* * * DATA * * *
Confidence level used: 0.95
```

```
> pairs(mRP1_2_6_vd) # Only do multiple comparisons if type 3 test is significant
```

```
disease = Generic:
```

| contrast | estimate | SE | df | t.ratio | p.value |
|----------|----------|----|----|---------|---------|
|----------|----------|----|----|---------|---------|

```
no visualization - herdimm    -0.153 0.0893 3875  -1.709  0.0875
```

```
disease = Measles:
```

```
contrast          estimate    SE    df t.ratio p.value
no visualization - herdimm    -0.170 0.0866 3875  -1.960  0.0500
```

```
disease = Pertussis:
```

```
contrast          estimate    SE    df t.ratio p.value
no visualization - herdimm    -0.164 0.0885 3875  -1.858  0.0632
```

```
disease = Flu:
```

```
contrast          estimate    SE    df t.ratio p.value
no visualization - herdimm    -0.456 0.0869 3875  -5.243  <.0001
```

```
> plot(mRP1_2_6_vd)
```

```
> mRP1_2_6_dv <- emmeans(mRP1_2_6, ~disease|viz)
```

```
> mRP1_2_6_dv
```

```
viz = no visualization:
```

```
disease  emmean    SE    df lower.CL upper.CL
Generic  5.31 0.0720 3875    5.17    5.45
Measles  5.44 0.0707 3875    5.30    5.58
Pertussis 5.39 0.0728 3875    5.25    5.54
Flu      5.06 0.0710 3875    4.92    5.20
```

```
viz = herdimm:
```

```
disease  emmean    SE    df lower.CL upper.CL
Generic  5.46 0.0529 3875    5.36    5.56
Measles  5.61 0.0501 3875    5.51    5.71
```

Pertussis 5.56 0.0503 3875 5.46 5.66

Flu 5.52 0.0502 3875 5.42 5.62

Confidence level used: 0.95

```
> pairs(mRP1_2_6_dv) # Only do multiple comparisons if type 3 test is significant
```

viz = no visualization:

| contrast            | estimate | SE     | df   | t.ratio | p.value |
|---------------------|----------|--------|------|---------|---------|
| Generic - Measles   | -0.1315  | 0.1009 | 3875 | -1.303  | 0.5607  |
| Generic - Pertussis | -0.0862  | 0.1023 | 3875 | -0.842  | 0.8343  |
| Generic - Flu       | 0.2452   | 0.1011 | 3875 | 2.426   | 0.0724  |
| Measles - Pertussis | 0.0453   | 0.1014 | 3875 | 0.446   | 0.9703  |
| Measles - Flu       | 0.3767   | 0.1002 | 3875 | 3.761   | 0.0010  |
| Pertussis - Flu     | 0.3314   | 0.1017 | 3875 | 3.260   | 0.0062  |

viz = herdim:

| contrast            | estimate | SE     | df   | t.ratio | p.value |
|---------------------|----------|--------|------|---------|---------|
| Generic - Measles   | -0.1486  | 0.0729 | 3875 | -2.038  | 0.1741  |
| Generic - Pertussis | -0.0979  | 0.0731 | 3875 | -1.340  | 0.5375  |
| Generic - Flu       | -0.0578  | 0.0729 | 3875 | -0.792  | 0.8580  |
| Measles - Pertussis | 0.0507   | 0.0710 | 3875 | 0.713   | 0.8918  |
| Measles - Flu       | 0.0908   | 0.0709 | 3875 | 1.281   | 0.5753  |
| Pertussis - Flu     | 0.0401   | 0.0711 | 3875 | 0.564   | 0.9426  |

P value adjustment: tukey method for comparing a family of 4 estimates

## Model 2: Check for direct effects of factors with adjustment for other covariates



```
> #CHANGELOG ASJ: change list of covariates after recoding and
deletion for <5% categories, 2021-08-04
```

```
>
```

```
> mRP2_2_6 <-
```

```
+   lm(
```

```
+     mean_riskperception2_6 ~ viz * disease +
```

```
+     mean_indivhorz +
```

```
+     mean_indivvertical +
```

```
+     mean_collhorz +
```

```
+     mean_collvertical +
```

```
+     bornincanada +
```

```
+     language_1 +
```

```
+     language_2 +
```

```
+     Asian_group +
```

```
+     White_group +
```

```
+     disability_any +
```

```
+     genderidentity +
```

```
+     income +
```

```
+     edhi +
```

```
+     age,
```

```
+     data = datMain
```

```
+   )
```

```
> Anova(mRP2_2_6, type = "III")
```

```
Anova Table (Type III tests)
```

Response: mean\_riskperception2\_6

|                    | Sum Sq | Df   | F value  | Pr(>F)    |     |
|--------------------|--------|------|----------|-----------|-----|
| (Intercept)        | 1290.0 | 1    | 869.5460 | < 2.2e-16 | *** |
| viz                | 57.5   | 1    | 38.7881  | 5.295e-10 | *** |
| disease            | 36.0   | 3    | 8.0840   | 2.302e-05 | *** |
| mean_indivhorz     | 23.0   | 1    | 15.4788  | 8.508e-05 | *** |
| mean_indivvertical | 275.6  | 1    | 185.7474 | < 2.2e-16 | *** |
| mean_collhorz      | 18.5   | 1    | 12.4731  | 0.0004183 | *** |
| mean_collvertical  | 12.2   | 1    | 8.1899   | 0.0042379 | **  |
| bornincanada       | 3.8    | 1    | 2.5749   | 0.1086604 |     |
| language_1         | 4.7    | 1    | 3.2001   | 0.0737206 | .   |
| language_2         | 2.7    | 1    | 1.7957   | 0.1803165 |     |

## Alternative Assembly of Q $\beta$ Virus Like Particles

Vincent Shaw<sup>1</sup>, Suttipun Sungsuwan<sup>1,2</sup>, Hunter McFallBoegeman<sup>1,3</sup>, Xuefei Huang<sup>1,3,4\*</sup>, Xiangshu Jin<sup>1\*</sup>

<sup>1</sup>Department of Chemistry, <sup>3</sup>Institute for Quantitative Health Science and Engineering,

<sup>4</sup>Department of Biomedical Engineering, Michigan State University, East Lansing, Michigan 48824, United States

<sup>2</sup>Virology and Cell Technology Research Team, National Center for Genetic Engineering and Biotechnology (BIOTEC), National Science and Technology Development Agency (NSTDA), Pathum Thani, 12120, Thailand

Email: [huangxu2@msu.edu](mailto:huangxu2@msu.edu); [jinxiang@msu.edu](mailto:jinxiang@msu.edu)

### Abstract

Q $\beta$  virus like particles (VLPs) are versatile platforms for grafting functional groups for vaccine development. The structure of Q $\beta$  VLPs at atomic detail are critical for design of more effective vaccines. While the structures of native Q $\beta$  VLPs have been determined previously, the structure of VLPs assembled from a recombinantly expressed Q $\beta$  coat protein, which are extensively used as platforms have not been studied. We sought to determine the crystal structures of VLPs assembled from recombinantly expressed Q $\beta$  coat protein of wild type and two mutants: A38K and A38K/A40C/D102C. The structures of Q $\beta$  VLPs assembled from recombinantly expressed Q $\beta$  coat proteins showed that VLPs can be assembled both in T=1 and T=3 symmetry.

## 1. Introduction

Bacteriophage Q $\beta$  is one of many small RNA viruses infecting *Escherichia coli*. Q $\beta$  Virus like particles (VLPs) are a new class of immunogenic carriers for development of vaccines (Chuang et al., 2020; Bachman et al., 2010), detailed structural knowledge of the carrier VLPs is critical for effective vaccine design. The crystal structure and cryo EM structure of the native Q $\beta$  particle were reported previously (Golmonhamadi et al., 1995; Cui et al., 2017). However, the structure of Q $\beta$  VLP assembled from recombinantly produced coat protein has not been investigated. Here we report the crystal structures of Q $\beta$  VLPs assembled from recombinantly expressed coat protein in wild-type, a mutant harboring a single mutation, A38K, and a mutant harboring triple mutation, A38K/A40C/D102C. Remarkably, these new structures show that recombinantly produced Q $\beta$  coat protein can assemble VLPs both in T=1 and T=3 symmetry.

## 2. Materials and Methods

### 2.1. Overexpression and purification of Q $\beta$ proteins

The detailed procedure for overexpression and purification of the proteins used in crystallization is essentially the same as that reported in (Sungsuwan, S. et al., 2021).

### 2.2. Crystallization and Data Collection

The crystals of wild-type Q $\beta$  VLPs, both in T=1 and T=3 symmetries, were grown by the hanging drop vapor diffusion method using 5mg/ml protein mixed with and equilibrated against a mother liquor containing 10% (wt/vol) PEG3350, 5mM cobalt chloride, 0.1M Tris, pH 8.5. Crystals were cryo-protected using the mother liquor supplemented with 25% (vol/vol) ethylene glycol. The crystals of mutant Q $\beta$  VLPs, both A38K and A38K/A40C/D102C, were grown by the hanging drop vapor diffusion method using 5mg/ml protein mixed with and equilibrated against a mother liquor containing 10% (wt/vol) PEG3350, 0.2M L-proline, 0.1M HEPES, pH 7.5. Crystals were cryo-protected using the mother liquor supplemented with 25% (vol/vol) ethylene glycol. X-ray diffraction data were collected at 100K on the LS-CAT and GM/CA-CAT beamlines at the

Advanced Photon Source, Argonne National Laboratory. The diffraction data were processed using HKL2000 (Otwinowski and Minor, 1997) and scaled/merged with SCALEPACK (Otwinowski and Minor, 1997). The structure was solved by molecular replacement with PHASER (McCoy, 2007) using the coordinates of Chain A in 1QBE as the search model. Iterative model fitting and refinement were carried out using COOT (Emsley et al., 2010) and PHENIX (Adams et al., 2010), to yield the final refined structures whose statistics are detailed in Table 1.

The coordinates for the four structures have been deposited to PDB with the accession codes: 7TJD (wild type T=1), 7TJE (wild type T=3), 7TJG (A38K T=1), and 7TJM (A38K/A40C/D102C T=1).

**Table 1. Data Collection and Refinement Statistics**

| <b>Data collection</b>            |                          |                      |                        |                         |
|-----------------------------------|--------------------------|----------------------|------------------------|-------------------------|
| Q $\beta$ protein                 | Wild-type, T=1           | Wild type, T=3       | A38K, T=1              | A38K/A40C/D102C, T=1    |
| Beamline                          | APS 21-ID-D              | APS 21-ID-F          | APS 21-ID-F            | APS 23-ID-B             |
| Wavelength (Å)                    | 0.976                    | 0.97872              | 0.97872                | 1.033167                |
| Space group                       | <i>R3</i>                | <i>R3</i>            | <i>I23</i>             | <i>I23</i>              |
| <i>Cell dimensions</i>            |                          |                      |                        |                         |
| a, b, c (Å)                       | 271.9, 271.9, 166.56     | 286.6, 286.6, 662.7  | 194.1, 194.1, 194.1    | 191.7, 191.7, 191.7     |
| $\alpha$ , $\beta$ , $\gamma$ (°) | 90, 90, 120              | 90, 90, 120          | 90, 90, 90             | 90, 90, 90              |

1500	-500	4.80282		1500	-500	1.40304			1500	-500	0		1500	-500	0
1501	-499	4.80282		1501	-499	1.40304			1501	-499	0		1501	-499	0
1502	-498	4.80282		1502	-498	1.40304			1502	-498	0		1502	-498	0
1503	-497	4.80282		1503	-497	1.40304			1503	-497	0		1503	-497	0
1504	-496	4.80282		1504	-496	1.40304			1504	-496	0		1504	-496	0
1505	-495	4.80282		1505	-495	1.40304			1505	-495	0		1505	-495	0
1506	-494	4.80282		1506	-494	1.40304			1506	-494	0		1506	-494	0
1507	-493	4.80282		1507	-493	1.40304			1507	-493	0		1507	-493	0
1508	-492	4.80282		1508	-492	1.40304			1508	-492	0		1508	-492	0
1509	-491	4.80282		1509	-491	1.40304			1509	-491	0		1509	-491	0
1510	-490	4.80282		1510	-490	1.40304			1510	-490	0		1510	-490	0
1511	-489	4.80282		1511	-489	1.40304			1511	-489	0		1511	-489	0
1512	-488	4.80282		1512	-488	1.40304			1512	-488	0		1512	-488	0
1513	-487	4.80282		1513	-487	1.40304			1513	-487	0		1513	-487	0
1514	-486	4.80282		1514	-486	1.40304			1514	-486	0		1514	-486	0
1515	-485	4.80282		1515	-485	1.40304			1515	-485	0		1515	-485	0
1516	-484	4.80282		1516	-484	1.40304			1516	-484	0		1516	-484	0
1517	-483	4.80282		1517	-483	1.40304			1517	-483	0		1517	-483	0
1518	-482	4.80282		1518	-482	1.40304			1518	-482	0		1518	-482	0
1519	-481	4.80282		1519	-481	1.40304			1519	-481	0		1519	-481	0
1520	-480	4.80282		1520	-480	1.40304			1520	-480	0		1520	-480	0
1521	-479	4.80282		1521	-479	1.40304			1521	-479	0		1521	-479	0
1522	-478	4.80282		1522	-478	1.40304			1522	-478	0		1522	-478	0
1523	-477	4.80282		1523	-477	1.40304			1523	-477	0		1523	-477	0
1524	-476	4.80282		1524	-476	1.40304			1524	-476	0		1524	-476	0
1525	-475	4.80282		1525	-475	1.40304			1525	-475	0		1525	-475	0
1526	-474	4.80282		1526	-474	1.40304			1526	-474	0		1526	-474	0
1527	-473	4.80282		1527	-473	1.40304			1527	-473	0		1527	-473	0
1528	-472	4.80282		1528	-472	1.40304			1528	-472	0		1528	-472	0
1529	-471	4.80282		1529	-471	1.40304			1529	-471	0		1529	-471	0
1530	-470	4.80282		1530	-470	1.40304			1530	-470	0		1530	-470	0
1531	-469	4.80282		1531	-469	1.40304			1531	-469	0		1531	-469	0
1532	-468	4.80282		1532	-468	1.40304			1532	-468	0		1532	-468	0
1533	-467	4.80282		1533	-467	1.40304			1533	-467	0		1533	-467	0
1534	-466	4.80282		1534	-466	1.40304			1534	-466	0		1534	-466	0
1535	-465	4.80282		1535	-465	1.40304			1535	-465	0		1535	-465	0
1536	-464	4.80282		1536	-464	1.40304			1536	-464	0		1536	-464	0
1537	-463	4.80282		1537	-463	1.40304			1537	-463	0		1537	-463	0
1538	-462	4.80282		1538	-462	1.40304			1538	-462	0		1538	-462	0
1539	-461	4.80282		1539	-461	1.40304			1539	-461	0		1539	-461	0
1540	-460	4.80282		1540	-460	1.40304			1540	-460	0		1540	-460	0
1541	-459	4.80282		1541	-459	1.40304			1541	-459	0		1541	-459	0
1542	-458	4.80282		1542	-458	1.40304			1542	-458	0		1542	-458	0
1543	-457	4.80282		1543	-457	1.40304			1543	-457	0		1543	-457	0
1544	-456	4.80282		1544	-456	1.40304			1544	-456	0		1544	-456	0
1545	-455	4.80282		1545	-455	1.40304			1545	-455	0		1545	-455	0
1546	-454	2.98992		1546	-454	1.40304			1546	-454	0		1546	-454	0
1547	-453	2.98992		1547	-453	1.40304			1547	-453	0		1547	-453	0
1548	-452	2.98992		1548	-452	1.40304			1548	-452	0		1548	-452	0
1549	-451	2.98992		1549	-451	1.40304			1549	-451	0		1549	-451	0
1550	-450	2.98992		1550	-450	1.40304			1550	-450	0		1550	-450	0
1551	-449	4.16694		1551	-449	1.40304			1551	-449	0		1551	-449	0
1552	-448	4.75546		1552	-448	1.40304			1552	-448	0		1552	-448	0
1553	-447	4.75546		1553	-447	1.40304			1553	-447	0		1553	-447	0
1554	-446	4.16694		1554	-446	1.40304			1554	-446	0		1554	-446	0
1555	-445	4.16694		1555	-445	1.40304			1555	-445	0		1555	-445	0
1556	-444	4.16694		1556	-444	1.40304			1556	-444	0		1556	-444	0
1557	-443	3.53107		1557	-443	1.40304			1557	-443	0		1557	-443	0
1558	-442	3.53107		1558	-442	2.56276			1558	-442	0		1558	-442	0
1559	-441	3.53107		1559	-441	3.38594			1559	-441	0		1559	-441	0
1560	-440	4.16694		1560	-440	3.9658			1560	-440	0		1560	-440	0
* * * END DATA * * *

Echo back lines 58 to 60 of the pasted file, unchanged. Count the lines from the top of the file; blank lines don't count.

```
disease  emmean    SE    df lower.CL upper.CL
Generic  5.46 0.0529 3875    5.36    5.56